gradschool, the academy, workstyle, writing

“Are you getting somewhere…

or did you get lost in Amsterdam?”
– Guster

I have been mounting a lot of defenses of creative writing programs lately. It’s come up when talking to Harvard lawyers, to Hopkins grad students, even to complete strangers. May and June of 2010 seems to be defend-your-workshop season.

My favorite strategy, hitherto only used in my head, is the one where I quote song lyrics as if they mean something. “As Ray LaMontagne writes in ‘Hannah,’ ‘I lost all of my vanity when I peered into the pool,’ which I think we can use as a metaphor for the workshop process.’ ” Like that. I’ve started to view everything as a potential defense for creative writing programs, since every occasion becomes an occasion for defending them.

I’ve thought of putting one up here, or writing a kind of point-by-point rebuttal to all the questions I’ve gotten since doing a year at this program, as well as to the objections made in print. It seems like it might be of interest. What might be of more interest would be a bad satirical defense of creative writing programs, in the manner of the “Dr. Grant Swinger” character, invented by Daniel S. Greenberg*, from the mythical Institute for the Appropriation of Federal Funds. Perhaps both.

“SWINGER: …Actually, our people have an advantage. They aren’t torn between research and teaching. They’ve resolved that conflict.
GREENBERG: How?
SWINGER: By doing neither.”
– from a mock interview in the 2002 Science

Not right now, though. I’m going to go for a walk, as I have for the last five days running. First thing in the morning, before trying to get any work done. Blogging beforehand is cheating, a bit. But rules were made to be bent.

* Heard about Greenberg & Swinger from this NYT review of Greenberg’s new campus satire, “Tech Transfer,” in which Nicholas Wade writes:

“…“Tech Transfer” is the world of Dr. Swinger writ large, populated by scientific entrepreneurs who have learned how to absorb federal funds, suppress charges of malfeasance and live high off the hog. When Dr. Winner assumes the presidency of Kershaw University, he learns the folly of challenging the tenured faculty on any of their sacrosanct, non-negotiable issues:

“These included annual pay increases, lax to near-non-existent conflict-of-interest and conflict-of-commitment regulations, and ample pools of powerless grad students, postdocs and adjuncts to minimize professorial workloads. As a safety net, the faculty favored disciplinary procedures that virtually assured acquittal of members accused of abusing subordinates, seducing students, committing plagiarism, fabricating data, or violating the one-day-a-week limit on money-making outside dealings.”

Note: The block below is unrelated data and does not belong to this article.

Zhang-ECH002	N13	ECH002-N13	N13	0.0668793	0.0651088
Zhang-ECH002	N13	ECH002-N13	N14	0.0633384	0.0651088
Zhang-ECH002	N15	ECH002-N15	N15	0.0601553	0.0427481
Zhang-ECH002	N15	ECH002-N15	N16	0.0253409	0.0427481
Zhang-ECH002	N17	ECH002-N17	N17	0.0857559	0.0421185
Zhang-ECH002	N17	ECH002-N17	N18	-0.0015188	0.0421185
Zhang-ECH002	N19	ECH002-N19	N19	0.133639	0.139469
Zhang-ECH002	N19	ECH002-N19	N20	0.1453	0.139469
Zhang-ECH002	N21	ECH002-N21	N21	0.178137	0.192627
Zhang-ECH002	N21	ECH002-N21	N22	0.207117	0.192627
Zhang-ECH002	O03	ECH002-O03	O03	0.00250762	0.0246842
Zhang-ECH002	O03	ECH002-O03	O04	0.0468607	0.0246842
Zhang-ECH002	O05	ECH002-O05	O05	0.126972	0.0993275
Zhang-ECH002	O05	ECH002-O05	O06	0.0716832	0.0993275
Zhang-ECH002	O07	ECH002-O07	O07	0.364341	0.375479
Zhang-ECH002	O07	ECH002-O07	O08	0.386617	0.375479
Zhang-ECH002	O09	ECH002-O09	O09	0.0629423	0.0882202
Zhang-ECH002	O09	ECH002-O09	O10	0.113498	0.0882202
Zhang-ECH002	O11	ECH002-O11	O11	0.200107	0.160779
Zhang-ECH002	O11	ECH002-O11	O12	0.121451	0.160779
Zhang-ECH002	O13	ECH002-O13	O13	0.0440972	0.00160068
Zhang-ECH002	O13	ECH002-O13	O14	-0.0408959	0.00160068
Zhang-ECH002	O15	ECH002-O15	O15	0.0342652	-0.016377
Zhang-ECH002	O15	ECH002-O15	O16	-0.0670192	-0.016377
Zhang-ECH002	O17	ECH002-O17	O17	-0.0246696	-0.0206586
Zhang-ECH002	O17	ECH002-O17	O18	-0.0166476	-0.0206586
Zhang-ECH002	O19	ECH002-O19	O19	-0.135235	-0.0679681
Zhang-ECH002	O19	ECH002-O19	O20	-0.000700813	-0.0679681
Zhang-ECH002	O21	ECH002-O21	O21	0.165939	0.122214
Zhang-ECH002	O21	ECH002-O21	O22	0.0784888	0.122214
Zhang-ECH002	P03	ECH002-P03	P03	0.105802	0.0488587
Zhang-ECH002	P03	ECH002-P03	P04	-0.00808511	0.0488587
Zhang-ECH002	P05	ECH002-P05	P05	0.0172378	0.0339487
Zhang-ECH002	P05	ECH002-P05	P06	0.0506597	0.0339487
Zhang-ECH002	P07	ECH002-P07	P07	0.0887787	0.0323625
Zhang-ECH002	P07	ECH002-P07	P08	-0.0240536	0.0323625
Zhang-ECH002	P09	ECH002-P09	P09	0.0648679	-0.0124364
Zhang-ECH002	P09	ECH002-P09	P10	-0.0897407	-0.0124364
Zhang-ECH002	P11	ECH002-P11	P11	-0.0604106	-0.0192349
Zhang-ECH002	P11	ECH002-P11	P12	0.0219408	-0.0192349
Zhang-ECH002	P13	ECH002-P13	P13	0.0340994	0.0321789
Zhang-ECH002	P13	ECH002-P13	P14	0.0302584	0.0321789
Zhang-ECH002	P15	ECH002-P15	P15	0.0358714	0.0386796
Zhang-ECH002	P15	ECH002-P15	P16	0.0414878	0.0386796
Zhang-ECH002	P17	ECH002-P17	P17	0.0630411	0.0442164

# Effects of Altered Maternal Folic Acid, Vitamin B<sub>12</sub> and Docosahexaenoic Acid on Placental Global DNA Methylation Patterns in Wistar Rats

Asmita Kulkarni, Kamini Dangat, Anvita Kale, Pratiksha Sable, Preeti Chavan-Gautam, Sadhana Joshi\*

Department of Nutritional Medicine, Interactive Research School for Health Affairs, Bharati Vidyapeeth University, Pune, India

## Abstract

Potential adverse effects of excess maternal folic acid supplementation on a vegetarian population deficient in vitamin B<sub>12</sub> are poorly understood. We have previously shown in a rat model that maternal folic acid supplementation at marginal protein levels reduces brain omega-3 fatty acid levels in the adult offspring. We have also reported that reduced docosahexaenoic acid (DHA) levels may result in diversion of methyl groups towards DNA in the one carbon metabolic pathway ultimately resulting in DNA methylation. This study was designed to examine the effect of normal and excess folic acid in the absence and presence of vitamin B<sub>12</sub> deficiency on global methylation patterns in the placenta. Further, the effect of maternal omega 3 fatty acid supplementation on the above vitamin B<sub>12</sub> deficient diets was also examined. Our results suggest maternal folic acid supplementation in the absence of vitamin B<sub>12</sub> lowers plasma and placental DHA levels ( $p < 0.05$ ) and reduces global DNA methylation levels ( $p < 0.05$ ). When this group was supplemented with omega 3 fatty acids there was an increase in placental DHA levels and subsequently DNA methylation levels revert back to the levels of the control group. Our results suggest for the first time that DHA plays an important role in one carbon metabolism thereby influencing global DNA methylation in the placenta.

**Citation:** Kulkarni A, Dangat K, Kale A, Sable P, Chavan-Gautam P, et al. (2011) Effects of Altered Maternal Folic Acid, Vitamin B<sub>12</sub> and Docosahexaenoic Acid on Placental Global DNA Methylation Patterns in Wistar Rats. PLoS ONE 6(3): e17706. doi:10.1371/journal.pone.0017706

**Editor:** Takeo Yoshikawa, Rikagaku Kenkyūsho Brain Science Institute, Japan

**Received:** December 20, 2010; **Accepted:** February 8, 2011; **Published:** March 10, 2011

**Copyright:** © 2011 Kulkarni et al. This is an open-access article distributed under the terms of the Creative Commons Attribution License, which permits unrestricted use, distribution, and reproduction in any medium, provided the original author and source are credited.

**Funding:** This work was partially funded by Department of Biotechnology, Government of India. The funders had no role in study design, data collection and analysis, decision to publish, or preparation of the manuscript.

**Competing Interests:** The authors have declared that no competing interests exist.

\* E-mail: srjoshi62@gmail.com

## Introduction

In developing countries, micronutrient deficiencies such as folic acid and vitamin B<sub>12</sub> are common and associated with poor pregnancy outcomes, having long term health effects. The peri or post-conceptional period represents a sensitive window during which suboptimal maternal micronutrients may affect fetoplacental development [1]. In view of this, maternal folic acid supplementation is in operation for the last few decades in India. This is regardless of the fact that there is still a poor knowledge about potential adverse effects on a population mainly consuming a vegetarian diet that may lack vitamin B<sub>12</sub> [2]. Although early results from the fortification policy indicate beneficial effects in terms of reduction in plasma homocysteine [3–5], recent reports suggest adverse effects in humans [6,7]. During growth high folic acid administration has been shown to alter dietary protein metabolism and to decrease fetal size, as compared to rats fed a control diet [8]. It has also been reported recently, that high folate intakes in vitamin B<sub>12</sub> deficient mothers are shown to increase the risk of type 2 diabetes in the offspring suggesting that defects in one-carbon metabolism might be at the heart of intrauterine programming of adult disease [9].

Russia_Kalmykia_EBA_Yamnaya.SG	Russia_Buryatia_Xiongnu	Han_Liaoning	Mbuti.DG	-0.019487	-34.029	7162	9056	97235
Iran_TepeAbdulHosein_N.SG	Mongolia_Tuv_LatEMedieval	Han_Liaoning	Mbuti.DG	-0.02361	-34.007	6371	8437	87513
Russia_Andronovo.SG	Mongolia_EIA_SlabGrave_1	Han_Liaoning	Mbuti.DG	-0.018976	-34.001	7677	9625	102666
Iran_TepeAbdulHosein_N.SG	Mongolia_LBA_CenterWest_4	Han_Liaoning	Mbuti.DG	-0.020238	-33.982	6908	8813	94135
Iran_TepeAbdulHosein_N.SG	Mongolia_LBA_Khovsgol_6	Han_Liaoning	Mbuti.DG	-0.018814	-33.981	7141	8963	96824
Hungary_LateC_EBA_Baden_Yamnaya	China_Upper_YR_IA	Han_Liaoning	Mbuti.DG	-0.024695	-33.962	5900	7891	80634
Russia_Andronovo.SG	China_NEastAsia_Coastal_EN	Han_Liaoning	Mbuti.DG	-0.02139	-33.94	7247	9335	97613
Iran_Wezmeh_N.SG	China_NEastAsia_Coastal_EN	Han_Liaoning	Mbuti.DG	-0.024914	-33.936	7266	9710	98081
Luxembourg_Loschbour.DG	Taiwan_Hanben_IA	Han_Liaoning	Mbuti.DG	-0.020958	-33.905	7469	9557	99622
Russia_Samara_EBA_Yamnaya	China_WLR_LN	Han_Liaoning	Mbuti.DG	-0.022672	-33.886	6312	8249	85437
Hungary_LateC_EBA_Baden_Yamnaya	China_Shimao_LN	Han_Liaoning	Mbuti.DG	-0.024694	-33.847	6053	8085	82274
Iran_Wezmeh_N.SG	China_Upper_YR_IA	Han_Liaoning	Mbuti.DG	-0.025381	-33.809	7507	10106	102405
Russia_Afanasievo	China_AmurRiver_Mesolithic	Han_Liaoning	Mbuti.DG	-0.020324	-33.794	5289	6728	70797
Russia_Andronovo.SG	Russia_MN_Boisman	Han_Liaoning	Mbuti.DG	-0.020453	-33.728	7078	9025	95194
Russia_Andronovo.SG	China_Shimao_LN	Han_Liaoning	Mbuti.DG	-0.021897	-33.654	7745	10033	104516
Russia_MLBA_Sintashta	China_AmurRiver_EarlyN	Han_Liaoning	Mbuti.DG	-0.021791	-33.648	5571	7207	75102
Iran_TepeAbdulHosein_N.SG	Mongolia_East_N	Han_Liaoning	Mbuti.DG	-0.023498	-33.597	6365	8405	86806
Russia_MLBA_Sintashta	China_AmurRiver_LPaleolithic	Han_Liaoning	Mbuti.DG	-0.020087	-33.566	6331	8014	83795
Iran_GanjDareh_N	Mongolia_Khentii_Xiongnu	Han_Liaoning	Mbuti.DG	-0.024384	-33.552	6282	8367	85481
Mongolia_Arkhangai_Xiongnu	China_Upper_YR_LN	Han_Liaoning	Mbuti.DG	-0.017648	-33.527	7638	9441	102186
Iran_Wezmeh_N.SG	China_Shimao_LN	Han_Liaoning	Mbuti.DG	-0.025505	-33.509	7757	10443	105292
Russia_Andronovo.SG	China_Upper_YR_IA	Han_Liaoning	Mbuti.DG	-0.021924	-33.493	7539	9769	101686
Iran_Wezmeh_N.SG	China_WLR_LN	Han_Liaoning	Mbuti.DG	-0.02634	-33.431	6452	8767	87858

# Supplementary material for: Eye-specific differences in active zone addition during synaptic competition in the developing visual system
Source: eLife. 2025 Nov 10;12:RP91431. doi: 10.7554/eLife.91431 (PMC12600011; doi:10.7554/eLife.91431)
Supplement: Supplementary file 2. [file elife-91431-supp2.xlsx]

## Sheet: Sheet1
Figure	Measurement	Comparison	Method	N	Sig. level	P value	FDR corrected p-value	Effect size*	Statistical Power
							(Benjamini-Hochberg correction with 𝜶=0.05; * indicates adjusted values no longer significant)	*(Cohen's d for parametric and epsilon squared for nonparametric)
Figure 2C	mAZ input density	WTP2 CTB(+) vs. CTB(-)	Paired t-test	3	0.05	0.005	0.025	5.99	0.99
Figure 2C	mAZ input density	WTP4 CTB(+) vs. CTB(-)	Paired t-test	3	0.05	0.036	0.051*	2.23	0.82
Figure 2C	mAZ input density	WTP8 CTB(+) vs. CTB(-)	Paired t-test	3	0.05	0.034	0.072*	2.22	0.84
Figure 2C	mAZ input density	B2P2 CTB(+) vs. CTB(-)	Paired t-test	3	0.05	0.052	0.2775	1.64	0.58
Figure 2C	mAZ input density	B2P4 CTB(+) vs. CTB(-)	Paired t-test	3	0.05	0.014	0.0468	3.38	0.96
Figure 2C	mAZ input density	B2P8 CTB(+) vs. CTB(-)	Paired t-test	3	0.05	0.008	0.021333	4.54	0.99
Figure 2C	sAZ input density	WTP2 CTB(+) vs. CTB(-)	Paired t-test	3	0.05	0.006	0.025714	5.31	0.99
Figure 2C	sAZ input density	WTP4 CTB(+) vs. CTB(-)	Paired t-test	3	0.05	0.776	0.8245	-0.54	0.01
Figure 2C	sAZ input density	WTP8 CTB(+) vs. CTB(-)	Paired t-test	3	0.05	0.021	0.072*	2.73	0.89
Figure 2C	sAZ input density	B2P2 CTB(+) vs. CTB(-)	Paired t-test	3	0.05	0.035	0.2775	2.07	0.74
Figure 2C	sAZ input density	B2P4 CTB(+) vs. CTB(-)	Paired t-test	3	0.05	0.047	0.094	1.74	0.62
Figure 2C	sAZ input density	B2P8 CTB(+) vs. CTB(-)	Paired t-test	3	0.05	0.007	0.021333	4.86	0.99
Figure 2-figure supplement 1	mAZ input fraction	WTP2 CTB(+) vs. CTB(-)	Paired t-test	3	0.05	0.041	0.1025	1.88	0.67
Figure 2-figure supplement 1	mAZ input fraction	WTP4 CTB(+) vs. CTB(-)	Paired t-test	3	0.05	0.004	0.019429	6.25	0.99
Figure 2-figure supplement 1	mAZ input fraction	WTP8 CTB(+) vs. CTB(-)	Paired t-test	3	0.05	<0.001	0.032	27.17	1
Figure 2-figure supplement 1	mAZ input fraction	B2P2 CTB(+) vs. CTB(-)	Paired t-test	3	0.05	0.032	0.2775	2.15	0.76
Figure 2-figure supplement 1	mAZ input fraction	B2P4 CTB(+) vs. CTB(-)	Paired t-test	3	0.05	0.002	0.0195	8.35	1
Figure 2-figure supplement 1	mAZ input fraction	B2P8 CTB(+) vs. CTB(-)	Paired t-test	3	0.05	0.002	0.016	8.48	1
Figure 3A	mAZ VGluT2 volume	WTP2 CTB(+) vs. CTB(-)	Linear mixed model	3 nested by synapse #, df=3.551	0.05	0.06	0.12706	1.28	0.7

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workstyle, writing

snip

Last semester, when trying to revise my portfolio, I did something kind of bonkers; I opened ten little Stickies on my desktop and put one poem in each one. This allowed me to see all the poems at the same time, and as I thought of lines or ideas, move from one to the next.

It seems like a kind of death by multitasking, but I have been doing a similar mass revision today, and it works, I think, better than you would expect. I guess this is a sort of workflow self-hack. I am, always have been, easily distracted. If the distraction can be another form of what needs to get done, all the better.

But I think this technique has, also, to do with my desire to see the bigger picture of the story. If I can persuade myself that the details that need to get cut out of Poem X can go into Poem Y, I have less trouble cutting them.

Things I have done this weekend that were not related to work included reading back issues of Horse and Hound, online. “Research.”

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theater, workstyle, writing

never have I ever

directed a play…

I am going through three boxes of scary files that have not been sorted. I bought something that looks like an able seaman’s chest, or some Western debutante’s Trunk, off the street where I live, and am filling it with properly alphabetized production documents. This is only reminding me of my age. I didn’t remember that I did the choreography for Don Giovanni…or AD’d a production of Frankenstein (the classical music version)…or…so many things.

I’ve been doing this for ten years, after all. Ten years. L once told me I needed to make a list of every production I’d ever done, because otherwise I would forget. I thought that was absurd. How can you forget something that takes so much work? But she was right.